Collision Regulation Posters
The International Regulations for Preventing Collisions at Sea (COLREGs) have been in existence for 41 years, and must be understood by all seafarers before they can pass an examination to become a bridge watchkeeping officer.
Unfortunately, the analysis of a number of collision claims handled by the Britannia Club shows that, the infringement of one or more of the COLREGs is the single most common cause of collisions. This is despite the advances in electronic assistance for mariners on the bridge. These claims demonstrate an apparent lack of understanding of the COLREGs by the officer of the watch (OOW) and certainly a failure to apply them properly.
The Britannia P&I Club is producing a series of posters, over a period of twelve months, to remind bridge watchkeeping officers of therequirements of COLREGs. Each poster will focus on common scenarios, played out daily in the busy and congested seaways of the world, highlighting the appropriate COLREGs.
COLREGs rules: 1 (a & b), 2, 7, 8, 16 and 18 (Appendix 1)
The first poster depicts a scene where a power driven ship is making way and has a fishing boat on a steady bearing. The master of the ship is reluctant to alter course despite a close quarters situation developing with the fishing boat, as he is under pressure to maintain a tight schedule.
Safe navigation being paramount, the fact that the ship is late - say, due to an earlier break down or delay - does not allow the master to deviate from these rules and he is obliged to keep clear as directed by the COLREGs.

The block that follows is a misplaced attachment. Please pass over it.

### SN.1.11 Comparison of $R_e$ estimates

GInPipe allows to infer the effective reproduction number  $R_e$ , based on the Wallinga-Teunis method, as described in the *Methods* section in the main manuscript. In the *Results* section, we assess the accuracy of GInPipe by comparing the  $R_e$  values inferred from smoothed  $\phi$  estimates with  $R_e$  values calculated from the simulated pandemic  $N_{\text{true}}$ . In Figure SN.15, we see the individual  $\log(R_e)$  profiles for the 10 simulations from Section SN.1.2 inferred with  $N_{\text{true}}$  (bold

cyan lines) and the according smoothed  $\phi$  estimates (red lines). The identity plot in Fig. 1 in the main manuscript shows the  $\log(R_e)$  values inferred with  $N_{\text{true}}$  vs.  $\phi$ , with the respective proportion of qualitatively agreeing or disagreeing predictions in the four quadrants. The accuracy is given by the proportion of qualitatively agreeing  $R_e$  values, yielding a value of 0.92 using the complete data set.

A substantial alteration of course to starboard that will be readily apparent to the fishing boat crew and made in good time will allow the ship to pass clear and resolve the situation,with minimum disruption to the ship's schedule.
COLREGs rules: 2, 13 and 17 (Appendix 1)
In the second poster, our ship appears to be getting into a complex situation by overtaking close down the port side of another ship, and also running into a close quarters situation with a crossing ship on the port bow. The OOW would like to relinquish his responsibility to the master by casually asking if he has the con. Good bridge procedure should have made it clear who has the ship con. The appearance of the master on the bridge does not necessarily mean that he has taken control of the ship's navigation - he is possibly just after a cup of tea. The OOW of the overtaking ship should be confirming that they are in fact passing clear of the ship being overtaken,and also observing - by radar plot and visual bearings -what type of ship is crossing and whether it is in a close quarters situation. It is preferable, given adequate sea room, for the overtaking ship to pass down the starboard side of the overtaken ship allowing sufficient scope for an alteration of course to starboard for the crossing situation.